Abstract: Cycling rates are relatively low in Australia, but cyclists comprise about 1 in 40 traffic crash fatalities and about 1 in 7 serious injuries. While it appears that cyclists are over-represented in traffic injuries relative to their exposure to injury risk, the magnitude of this excess risk in Australia is currently unknown. The relationship between cycling rates and injury rates over time is also unknown, though the subject of considerable speculation. This paper addresses these two issues, drawing on available traffic injury and travel distance data principally for the greater metropolitan areas of Melbourne and Sydney. Acknowledging data limitations and the need to interpret findings with caution, the evidence suggests that based on fatality and serious injury rates per kilometre travelled in Melbourne and Sydney, the relative risk of fatality for cycling compared with driving is between 5 and 19. The relative risk of serious injury for cycling compared with driving in Melbourne is 13 based on police data, and 34 based on hospital data, while the relative risk of all injuries (minor plus serious) is 19 in Sydney based on police data. Cyclist injuries appear to be increasing sharply in Melbourne (109% increase from 2000 to 2008), although the picture is less clear in Sydney due to data limitations. We argue that the evidence suggests that while road safety counter-measures have undoubtedly led to a safer operating environment for vehicle occupants, the (arguably) car-centric nature of many of these measures appears to have done little to improve cyclist safety.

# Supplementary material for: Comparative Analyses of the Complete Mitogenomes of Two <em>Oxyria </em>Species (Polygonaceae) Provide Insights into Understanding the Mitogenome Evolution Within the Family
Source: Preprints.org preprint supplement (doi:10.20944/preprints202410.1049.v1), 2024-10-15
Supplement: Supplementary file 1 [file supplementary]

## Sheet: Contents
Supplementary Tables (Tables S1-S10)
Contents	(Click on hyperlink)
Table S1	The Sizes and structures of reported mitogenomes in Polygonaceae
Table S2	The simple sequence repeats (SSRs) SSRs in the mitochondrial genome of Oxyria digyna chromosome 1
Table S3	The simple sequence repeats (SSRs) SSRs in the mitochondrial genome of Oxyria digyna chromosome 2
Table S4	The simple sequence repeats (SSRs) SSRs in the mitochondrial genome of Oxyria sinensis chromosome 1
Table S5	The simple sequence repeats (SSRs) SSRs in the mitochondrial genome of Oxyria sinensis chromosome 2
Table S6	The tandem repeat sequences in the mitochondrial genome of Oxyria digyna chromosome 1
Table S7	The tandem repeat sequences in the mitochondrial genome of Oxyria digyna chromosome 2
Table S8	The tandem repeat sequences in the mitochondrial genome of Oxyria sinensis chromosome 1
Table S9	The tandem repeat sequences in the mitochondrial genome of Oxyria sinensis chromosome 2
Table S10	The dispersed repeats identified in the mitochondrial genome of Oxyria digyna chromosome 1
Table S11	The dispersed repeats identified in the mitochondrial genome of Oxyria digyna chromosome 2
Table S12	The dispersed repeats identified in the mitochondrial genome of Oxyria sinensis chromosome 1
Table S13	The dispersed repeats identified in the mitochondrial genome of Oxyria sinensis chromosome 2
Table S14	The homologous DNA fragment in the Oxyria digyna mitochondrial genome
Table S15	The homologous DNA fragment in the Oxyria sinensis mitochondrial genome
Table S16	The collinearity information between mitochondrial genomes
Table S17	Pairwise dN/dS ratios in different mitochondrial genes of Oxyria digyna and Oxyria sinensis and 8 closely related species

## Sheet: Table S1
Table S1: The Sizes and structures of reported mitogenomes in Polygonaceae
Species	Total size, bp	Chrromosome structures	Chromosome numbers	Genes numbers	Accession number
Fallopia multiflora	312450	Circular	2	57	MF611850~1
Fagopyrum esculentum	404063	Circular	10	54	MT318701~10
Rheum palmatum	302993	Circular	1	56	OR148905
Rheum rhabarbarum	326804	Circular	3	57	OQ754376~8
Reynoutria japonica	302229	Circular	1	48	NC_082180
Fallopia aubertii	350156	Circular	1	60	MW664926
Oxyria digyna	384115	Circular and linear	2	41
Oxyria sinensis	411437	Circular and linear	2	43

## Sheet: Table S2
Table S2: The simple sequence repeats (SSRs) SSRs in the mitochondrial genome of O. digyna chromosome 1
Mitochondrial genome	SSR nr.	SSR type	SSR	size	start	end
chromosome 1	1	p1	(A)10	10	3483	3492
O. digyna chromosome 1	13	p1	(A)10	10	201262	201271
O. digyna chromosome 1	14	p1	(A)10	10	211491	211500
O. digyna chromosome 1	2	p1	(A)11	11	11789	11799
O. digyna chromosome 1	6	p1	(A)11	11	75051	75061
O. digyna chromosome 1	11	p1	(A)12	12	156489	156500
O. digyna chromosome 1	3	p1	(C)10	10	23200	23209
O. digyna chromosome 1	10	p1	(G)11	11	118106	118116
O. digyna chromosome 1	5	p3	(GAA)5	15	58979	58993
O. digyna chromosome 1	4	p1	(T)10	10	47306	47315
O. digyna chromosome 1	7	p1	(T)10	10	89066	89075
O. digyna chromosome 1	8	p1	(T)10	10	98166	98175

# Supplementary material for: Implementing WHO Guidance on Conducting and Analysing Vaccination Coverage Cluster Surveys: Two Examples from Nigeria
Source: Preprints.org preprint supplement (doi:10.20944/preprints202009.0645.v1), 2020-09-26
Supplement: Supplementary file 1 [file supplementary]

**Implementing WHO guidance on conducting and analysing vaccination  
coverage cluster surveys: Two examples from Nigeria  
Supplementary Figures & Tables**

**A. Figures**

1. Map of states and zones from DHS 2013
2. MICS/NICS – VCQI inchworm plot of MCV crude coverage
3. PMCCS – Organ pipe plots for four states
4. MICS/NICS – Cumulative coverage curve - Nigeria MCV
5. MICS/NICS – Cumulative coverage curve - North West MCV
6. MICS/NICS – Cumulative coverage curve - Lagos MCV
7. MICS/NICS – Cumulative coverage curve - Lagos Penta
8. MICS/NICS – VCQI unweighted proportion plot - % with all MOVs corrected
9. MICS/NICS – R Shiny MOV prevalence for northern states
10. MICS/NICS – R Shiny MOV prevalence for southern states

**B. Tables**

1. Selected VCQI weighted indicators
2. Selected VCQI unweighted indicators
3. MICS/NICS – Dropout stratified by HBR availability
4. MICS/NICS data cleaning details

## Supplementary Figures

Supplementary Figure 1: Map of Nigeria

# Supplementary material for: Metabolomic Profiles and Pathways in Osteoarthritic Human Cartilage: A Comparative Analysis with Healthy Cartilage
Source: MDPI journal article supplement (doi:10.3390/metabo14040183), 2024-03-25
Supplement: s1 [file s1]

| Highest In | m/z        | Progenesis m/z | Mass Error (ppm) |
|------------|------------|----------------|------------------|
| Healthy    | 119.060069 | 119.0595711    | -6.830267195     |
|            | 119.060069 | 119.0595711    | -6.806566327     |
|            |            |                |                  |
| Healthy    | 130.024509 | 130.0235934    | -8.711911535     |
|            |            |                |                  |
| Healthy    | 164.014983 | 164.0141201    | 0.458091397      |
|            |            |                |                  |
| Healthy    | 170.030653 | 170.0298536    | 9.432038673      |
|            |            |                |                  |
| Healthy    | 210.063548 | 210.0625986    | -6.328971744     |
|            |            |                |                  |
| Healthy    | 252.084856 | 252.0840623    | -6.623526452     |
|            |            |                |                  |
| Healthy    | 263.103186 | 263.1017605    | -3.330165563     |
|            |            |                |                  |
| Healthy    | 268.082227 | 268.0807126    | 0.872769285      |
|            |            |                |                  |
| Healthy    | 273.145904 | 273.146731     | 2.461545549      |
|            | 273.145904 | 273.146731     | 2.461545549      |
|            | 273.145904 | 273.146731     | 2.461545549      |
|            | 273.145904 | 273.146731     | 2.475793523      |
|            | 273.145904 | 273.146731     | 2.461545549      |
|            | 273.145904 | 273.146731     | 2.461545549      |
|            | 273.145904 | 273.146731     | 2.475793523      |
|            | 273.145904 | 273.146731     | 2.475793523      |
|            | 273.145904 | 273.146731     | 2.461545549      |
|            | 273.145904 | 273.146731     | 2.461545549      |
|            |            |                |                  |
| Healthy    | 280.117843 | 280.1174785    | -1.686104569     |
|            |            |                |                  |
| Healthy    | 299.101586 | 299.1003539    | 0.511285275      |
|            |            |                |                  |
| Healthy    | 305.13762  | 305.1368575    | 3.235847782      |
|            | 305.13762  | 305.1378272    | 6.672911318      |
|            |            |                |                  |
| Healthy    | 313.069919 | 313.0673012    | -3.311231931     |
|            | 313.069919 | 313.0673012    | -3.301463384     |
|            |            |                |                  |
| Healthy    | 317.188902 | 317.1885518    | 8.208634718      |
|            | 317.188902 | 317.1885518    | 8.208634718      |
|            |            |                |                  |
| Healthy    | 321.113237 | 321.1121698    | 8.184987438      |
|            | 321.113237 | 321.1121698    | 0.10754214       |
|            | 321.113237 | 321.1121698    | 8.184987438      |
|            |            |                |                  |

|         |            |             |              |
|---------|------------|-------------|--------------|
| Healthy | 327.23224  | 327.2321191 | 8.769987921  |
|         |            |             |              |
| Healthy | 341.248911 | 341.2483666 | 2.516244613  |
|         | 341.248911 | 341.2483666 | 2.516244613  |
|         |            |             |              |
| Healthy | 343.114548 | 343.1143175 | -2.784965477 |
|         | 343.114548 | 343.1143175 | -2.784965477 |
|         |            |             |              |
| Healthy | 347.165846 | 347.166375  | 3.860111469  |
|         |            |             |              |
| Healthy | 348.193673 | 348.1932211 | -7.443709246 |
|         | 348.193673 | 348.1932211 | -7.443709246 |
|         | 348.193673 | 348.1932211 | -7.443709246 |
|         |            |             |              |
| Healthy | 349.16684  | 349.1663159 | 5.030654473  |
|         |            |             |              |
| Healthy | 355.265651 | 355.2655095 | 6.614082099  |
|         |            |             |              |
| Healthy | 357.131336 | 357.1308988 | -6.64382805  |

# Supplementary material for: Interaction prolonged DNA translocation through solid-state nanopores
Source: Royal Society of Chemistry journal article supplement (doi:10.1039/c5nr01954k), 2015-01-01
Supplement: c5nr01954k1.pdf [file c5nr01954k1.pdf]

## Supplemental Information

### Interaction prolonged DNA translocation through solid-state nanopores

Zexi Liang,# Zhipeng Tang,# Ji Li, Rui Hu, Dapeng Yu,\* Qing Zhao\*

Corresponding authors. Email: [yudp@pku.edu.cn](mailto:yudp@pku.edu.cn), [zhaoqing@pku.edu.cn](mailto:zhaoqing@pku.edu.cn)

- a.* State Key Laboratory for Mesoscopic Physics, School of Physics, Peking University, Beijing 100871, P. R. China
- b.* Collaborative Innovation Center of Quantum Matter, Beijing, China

To cite this article: Garrard, J; Greaves, S and Ellison, A. Cycling Injuries in Australia: Road Safety's Blind Spot? [online]. Journal of the Australasian College of Road Safety, Vol. 21, No. 3, Aug 2010: 37-43.
[cited 19 Jan 17].
Garrard, J; Greaves, S; Ellison, A;
Source: Journal of the Australasian College of Road Safety, Vol. 21, No. 3, Aug 2010: 37-43
Document Type: Journal Article
Cyclists; Roads--Safety measures; Cycling--Safety measures; Accidents; Bicycles; Statistics; Cycling accidents;
(1) School of Health and Social Development, Deakin University, 221 Burwood Highway, Burwood, VIC 3125, email: email@example.com
(2) Institute of Transport and Logistics Studies, University of Sydney
(3) Institute of Transport and Logistics Studies, University of Sydney
Database: Health Collection